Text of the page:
Visalia Unified School District superintendent is coming into the school year with a plan to ensure the district is addressing problem areas following survey
VISALIA – Visalia Unified will have 10 new administrative positions going into this school year as a way to address three problem areas in the district. Each issue was highlighted by parents and district board members this month.
At the Visalia Unified School District (VUSD) Board of Education meeting, superintendent Kirk Shrum laid out his entry plan going into the current 2022-23 school year that launched on Aug. 11.
Last fall, in the district’s search for a new superintendent, members of the Visalia community were asked to identify areas that require more attention involving education. Respondents focused on three major areas: academics, safety and communication.
To fix the issue, the district created an additional 10 administrative positions, which will cost the district approximately $2.5 million. The funding came from both the general fund and the local control accountability fund , to support goals that can improve student outcomes.
According to a district spokesperson, among these new positions are two new coordinators for school safety and security as well as student conduct and prevention. These positions were made to help focus on student safety. In addition is the development of a director of multi-tiered systems of support and social-emotional learning to ensure a system for student behavior and academics are offered to every student.
Another added position includes an assistant superintendent, whose responsibilities include overseeing the school’s student services, family community resource center and special education departments, according to public information officer Kim Batty. The assistant superintendent will also lead a newly instated division with the district, titled Learning and Leadership, to ensure the district is focusing on student learning, according to the district spokesperson.
Additionally, to ensure that students are participating in extracurriculars like arts and athletics, the district added two directors for visual and performing arts and athletics.
Shrum said the district took this immediate action to ensure their organizational structure aligned with the priorities identified in the survey. This means that Visalia Unified needed to make some changes to the district when it came to things regarding school safety, instruction and leading principles. According to Shrum, the changes were quick, because they were too important to make the kids wait even another year.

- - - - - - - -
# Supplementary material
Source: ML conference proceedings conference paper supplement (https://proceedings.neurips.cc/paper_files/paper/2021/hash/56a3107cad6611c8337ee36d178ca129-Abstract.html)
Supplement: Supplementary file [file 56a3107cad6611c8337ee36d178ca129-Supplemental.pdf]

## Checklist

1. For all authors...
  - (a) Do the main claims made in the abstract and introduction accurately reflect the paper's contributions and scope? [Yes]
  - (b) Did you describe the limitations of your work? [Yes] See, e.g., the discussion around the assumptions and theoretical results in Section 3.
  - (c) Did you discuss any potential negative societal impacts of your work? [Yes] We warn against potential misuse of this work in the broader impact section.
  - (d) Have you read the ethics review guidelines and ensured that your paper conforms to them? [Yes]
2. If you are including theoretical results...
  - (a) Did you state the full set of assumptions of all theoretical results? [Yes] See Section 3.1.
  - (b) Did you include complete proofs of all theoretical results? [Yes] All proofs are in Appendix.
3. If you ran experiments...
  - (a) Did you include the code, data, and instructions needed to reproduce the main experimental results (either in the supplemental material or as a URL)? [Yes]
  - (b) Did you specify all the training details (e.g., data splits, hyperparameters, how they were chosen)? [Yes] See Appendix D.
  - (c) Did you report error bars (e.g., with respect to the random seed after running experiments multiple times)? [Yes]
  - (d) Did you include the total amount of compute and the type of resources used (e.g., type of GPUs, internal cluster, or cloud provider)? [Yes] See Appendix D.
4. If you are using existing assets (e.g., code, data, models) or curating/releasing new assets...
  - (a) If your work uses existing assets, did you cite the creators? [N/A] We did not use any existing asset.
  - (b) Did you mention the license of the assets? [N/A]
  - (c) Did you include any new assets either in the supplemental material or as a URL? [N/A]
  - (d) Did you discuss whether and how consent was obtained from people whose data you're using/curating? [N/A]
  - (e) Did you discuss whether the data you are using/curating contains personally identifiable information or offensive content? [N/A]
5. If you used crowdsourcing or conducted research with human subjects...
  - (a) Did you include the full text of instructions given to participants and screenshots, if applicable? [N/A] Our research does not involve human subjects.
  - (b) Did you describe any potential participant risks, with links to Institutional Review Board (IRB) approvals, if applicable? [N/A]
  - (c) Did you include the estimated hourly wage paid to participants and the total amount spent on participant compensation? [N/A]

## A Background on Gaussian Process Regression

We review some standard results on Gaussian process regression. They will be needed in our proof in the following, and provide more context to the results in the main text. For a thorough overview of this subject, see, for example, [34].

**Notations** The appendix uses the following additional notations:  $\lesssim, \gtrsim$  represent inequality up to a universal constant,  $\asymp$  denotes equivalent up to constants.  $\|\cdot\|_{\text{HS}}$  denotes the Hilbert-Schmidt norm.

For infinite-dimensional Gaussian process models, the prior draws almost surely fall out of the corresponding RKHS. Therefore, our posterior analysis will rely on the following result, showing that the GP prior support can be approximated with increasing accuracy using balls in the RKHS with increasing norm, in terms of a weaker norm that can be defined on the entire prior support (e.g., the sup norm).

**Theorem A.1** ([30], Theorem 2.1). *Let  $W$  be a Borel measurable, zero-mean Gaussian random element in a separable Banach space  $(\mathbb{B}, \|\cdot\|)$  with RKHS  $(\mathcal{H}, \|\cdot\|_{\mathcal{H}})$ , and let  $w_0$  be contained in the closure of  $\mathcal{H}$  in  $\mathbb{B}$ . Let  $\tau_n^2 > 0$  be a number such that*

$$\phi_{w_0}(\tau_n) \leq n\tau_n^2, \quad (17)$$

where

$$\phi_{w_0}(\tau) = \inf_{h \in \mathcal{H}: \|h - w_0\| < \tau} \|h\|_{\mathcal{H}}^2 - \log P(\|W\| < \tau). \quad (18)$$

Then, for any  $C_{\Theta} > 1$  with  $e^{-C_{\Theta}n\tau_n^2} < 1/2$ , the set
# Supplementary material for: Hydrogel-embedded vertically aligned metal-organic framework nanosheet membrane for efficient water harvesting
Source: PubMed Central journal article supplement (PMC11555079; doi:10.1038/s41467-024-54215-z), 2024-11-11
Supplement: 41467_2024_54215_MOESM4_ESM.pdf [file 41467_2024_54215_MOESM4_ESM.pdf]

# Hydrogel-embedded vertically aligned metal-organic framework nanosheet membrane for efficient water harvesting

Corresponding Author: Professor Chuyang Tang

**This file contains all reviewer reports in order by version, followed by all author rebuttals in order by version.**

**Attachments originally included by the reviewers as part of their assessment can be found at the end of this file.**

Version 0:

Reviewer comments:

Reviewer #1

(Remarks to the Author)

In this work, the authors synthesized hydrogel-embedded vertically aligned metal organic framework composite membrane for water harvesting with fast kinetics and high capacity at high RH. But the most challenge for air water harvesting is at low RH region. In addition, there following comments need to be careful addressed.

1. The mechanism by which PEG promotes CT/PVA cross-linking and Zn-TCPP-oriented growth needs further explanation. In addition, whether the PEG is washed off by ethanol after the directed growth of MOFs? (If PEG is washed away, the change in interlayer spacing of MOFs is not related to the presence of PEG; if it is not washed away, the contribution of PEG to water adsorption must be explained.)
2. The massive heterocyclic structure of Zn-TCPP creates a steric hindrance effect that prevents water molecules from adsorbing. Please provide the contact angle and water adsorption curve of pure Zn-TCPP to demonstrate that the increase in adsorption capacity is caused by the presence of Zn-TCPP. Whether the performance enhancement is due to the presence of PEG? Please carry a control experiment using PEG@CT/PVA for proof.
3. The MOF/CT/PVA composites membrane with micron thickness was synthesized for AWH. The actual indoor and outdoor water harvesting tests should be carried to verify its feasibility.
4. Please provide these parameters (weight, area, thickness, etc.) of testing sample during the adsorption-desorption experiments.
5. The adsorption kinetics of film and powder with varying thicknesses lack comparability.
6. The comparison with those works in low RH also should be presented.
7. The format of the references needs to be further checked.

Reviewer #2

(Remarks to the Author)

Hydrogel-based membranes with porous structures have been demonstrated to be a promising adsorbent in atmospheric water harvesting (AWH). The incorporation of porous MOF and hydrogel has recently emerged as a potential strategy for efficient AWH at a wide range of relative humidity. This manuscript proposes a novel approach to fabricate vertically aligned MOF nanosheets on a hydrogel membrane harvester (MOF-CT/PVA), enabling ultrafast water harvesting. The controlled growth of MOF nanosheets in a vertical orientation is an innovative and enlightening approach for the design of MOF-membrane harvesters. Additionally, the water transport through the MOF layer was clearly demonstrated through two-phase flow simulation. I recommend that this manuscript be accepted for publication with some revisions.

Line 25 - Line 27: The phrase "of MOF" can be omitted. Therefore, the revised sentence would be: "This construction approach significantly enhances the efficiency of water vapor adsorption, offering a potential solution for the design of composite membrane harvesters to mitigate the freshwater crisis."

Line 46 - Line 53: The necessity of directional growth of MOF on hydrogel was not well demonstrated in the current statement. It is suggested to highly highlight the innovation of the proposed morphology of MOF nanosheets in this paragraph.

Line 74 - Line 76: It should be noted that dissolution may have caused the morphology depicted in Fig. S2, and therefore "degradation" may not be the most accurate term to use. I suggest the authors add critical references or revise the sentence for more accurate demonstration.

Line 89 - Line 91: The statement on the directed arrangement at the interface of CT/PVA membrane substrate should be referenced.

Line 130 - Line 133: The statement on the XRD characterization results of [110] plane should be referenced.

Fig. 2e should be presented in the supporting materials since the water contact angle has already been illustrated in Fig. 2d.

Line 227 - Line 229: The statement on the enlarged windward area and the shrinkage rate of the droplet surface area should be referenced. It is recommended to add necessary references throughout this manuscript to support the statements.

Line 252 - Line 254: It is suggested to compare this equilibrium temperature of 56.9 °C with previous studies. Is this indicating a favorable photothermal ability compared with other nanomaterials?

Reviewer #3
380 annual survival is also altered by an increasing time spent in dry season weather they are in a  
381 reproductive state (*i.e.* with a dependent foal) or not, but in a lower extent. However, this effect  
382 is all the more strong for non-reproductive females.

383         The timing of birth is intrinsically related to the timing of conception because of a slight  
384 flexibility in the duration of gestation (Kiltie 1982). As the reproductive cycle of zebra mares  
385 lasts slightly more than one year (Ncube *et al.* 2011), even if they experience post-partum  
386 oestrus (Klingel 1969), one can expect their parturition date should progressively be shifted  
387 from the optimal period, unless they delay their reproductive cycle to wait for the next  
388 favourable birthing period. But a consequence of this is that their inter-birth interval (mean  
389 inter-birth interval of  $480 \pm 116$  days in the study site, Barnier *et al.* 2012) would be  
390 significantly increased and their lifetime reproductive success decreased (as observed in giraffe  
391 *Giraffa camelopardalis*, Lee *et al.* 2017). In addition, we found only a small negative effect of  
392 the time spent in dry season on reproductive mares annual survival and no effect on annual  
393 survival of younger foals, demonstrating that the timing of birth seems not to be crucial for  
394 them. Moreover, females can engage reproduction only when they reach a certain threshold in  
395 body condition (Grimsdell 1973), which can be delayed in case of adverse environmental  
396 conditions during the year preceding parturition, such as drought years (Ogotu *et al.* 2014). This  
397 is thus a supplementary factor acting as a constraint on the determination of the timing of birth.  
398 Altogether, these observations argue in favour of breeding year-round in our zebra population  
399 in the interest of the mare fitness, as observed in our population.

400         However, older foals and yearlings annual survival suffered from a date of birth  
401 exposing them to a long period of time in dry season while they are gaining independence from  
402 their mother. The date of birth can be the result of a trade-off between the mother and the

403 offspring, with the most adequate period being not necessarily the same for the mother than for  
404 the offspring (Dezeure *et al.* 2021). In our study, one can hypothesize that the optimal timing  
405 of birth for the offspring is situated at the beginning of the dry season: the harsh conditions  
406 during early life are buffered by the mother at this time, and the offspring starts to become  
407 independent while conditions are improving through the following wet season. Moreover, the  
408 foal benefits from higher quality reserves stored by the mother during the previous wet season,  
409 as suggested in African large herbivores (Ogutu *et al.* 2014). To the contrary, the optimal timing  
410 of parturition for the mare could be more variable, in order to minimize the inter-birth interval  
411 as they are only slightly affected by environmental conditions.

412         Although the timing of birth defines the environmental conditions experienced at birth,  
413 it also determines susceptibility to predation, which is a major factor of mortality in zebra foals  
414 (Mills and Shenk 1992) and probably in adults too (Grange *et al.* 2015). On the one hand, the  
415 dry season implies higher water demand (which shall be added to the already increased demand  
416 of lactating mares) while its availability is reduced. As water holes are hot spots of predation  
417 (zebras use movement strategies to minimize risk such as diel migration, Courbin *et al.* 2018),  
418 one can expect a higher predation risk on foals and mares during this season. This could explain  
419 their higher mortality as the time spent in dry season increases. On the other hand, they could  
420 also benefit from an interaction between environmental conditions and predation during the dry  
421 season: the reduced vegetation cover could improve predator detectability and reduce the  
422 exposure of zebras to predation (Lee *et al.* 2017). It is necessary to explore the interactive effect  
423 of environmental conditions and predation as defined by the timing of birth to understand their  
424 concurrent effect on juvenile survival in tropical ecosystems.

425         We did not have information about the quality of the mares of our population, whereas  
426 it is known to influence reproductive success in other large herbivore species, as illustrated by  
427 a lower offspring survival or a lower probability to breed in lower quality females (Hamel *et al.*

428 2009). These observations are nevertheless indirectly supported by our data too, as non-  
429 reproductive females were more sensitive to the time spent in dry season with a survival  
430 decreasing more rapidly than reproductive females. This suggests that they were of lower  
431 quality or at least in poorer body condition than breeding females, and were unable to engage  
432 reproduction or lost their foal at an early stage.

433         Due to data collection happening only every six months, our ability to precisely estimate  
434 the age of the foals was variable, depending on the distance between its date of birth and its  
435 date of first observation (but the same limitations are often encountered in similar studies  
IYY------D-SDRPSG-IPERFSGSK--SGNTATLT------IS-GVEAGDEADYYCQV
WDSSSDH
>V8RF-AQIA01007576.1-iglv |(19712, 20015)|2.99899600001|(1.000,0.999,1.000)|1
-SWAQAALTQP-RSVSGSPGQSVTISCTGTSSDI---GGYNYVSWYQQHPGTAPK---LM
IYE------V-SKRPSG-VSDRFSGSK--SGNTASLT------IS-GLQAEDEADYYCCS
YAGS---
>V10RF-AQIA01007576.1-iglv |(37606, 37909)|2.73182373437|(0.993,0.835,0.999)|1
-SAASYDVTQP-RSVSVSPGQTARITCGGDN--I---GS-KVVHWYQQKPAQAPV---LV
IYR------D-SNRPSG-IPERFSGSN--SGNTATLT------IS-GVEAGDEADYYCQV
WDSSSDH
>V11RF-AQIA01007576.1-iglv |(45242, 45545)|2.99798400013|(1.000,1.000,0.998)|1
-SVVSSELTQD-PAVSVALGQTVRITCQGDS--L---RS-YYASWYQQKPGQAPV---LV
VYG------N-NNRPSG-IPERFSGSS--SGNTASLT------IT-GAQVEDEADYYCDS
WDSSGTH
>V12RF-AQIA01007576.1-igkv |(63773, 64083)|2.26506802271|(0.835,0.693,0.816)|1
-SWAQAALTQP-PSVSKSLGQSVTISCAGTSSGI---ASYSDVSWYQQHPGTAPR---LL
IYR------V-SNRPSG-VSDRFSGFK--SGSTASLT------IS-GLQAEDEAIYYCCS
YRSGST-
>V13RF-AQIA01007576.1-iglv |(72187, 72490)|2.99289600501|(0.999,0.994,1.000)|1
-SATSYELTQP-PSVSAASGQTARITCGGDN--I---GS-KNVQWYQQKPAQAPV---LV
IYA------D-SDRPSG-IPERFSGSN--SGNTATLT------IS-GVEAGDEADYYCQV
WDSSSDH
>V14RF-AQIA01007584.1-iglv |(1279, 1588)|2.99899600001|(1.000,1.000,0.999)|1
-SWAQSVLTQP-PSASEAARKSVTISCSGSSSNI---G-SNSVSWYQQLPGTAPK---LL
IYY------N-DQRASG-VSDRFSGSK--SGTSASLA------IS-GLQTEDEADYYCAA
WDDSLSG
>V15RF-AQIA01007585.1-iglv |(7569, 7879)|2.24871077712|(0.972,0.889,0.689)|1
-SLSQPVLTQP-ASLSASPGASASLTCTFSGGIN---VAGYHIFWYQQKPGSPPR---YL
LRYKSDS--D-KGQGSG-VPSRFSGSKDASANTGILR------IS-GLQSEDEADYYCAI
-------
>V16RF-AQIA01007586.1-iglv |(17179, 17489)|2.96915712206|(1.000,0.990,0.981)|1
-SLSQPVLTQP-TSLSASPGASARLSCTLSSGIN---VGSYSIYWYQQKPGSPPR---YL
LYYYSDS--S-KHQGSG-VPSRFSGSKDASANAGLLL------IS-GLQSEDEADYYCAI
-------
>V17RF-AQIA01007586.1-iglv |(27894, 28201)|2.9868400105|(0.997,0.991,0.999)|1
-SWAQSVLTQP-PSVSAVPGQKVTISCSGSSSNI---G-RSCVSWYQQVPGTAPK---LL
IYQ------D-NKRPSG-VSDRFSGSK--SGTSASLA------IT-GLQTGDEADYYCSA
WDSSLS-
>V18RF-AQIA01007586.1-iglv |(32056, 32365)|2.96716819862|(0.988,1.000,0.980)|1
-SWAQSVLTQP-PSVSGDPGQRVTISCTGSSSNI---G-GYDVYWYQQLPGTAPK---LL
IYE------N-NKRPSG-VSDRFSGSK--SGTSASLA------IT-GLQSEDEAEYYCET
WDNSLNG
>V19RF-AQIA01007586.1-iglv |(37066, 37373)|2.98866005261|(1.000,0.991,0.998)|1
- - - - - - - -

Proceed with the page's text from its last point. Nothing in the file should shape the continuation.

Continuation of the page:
“We can’t change outcomes if we don’t change the system,” Shrum said.
In regard to current academics, Shrum said data from student assessments from the spring semester will help the district generate and set goals for rapid improvement. It will also help monitor and provide the district with feedback. He said he does not think anyone is proud of current student performance results, but is determined to create a system to uplift the outcomes and performance of everyone.
“It’s going to take some time, but we have to address it,” Shrum said.
Another way to ensure students are functioning at their best is to get them connected with the community through the One Visalia Connected initiative. The initiative is a way for students to connect with their community and seize opportunities in the business world and extracurricular activities. Aside from getting students more connected, the goal of the initiative is to improve academic performance and also help students better develop their social and emotional health.
As a former educator, Shrum said he noticed first-hand the impact of the COVID-19 shutdown on students. From the lack of connectivity, he said he noticed the negative ways it could manifest in students and used that as a driving reason to launch the initiative going into the current school year.
“If we actually were able to connect every kid to something meaningful, that could be a game changer for so many of our students and our families in the community,” Shrum said in a previous interview with Sun Gazette staff.